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Time Management

This lesson is a part of an audio course Organize and Prioritize Your Life by Austin Churchill

In our previous lesson, you learned about some organization & prioritization methodologies and how to apply them to your tasks. Applying a methodology gives you guard rails to ensure you are always working on your highest value work. As always, remember to find a strategy that best works for you.

Time Management has nothing to do with time. OK - time has SOMETHING to do with time management. The point is time management is about managing yourself. And if you can't manage yourself, you will not succeed in managing work.

It's great that you're organized and prioritized. You know what you have to do and what order to do it in, but if you stop now, you've accomplished nothing.

And for those who think they are great time managers, how many times recently have you thought, "I'll exercise tomorrow when I have more time" or "I'll cook that healthy meal tomorrow, I'm hungry now and need something fast" We use time as an excuse constantly, and we sacrifice quite a bit every time we do. So, I invite you to think about that. What do you sacrifice when you use time as an excuse? Your Health? Your Happiness?

Let's now check back in Employee A from Company XYZ. Employee A has a big project due. They are responsible for the company holiday party, and it's only a month away. It's a party at an offsite venue with food, drinks, entertainment, remote offices are flying in for the week, etc. How do they know if they will be able to get everything done? How will they be able to manage their time effectively? How much time should they allow for this work to get done? These are just a few questions that come to mind when considering time management.

When managing your calendar, it's important to assess how much time you have. The holiday party is a month away, let's call it 4 weeks. Technically, that's 672 hours. They won't be working the whole time though, let's take off the necessities like sleep, weekends (work/life balance), and assume they are working a normal 40-hour workweek. They're down to 160 hours. But Employee A knows they need at least 1 hour a day to answer unrelated emails. We're already down to 140 hours. You can see where we're going here, knowing how much time we have to exactly spend on the project dictates the actions you take. This might sound simple, but it's an oversight many people make. And It's easier to see this play out in shorter time frame scenarios. If your boss asks you to send an extremely urgent and important email in the next 10 minutes, your action is you drop everything and send it because you know you do not have a lot of time. You have the capacity to assess it the moment instantaneously. In Employee A's scenario, the party is 1 month away. If you don't do the work to know how much time you have, your action might be nothing. If you do go through that exercise, you might not realize you only have 40 hours available in the next 4 weeks to spend on this project due to other competing priorities.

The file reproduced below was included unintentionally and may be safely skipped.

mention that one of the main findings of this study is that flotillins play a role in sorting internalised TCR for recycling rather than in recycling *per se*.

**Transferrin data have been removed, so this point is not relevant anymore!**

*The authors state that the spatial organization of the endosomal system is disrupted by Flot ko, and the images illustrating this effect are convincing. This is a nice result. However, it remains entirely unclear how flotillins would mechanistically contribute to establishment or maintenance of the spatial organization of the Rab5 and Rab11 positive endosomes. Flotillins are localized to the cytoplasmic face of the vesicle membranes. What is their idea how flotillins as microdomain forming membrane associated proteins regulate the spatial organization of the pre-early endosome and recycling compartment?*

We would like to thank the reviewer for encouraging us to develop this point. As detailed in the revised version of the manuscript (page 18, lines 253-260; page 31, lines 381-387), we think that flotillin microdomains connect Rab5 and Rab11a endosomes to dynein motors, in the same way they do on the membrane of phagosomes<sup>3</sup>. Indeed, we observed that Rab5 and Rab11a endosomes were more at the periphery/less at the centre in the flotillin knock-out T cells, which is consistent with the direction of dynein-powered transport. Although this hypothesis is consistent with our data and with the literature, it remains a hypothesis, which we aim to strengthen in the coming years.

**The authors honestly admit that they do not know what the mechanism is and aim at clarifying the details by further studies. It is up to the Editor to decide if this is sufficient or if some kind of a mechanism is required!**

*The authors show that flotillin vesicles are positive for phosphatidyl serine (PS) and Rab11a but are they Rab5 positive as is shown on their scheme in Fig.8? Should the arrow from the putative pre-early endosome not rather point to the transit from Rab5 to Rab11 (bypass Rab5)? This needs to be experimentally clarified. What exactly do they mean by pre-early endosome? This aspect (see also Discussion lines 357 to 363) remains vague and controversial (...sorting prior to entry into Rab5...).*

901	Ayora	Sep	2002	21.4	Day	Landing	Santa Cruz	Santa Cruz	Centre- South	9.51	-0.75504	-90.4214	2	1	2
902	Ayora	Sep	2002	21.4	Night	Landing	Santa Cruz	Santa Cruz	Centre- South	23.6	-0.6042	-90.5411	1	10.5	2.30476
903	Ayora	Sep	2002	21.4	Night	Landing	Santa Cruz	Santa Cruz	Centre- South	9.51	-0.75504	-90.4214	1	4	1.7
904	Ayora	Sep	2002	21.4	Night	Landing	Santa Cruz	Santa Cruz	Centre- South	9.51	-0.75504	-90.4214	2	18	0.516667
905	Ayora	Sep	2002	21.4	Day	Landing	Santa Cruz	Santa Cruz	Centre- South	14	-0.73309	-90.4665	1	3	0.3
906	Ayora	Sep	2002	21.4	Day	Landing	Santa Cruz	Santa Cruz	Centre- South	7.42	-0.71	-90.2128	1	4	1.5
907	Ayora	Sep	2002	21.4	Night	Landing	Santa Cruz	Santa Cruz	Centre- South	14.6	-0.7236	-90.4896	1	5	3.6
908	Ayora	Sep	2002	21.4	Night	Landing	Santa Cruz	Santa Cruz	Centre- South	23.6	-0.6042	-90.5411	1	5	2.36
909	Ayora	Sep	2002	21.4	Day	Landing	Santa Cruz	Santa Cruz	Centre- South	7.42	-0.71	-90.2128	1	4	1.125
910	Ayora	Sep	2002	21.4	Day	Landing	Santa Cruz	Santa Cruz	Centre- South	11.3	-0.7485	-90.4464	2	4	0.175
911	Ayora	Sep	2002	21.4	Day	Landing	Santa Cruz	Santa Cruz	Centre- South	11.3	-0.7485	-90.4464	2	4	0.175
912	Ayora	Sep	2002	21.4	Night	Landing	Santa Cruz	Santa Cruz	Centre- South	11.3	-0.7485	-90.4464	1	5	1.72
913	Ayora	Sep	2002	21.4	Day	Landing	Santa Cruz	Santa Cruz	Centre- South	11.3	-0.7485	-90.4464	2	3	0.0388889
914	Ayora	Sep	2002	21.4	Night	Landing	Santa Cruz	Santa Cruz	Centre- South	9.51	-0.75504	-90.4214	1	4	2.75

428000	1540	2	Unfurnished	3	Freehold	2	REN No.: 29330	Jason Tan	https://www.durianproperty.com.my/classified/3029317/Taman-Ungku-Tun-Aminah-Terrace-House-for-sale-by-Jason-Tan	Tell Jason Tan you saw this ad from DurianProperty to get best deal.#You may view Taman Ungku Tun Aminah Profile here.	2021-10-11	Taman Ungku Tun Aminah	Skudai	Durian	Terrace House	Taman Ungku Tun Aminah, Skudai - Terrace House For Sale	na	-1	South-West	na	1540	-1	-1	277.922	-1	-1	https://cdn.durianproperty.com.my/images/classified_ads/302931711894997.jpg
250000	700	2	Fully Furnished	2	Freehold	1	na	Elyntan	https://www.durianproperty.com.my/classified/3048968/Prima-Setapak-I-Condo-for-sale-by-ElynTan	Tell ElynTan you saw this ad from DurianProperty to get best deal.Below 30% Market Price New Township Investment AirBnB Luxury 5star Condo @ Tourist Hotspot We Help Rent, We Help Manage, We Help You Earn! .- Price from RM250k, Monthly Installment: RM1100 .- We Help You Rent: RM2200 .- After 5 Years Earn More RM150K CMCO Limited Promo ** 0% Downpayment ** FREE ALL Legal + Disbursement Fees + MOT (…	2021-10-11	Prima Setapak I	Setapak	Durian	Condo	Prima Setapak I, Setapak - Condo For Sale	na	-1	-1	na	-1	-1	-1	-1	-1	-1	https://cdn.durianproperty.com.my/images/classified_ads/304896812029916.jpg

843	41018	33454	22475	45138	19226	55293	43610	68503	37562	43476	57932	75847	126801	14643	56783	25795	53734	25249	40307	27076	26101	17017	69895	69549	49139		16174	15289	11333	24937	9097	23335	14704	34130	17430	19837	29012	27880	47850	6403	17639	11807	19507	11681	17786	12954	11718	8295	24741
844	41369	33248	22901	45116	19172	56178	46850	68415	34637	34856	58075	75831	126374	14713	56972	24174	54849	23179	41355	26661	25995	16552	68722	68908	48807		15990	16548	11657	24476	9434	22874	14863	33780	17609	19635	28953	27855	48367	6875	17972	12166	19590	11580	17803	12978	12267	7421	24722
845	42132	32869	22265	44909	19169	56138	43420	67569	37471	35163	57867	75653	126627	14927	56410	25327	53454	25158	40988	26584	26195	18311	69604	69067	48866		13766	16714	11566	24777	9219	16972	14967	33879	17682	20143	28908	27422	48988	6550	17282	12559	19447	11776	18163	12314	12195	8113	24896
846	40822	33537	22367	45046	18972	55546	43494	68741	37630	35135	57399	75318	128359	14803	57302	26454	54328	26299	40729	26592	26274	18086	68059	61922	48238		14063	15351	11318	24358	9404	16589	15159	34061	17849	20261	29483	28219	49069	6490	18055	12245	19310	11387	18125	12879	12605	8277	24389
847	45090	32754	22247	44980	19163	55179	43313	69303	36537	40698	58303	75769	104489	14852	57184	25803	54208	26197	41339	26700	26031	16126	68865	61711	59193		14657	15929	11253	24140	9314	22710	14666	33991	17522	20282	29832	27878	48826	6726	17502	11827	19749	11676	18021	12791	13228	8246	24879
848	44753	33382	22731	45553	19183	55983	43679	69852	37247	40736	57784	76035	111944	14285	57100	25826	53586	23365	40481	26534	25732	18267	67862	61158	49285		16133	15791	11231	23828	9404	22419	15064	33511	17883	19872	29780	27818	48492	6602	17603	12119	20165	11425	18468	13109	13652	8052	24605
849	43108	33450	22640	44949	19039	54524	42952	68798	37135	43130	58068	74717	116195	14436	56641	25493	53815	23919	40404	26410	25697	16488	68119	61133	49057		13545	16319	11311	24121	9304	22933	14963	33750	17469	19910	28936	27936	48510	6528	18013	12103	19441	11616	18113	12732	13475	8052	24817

Now that we understand how much time we have to work on the holiday party, it is critical to compare that to the time we need to work on it. If you cannot realistically get everything ready in time, you should start delegating work. To do this, we can leverage the Eisenhower methodology that we learned earlier. You should start with all of your Q1 tasks and move onto Q2 after that. All Q3 tasks should be delegated since these are tasks that are urgent, but can be done by someone else. Even if you do not complete all the tasks to prepare for the party, you will be confident that the tasks that were completed were the highest value tasks.

Your Task: think about something bigger than your current workload. Have you thought about how to properly time manage it? Go through the exercise of breaking that big item down. Did that exercise bring anything to light that you did not think of previously?

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Written by

Austin Churchill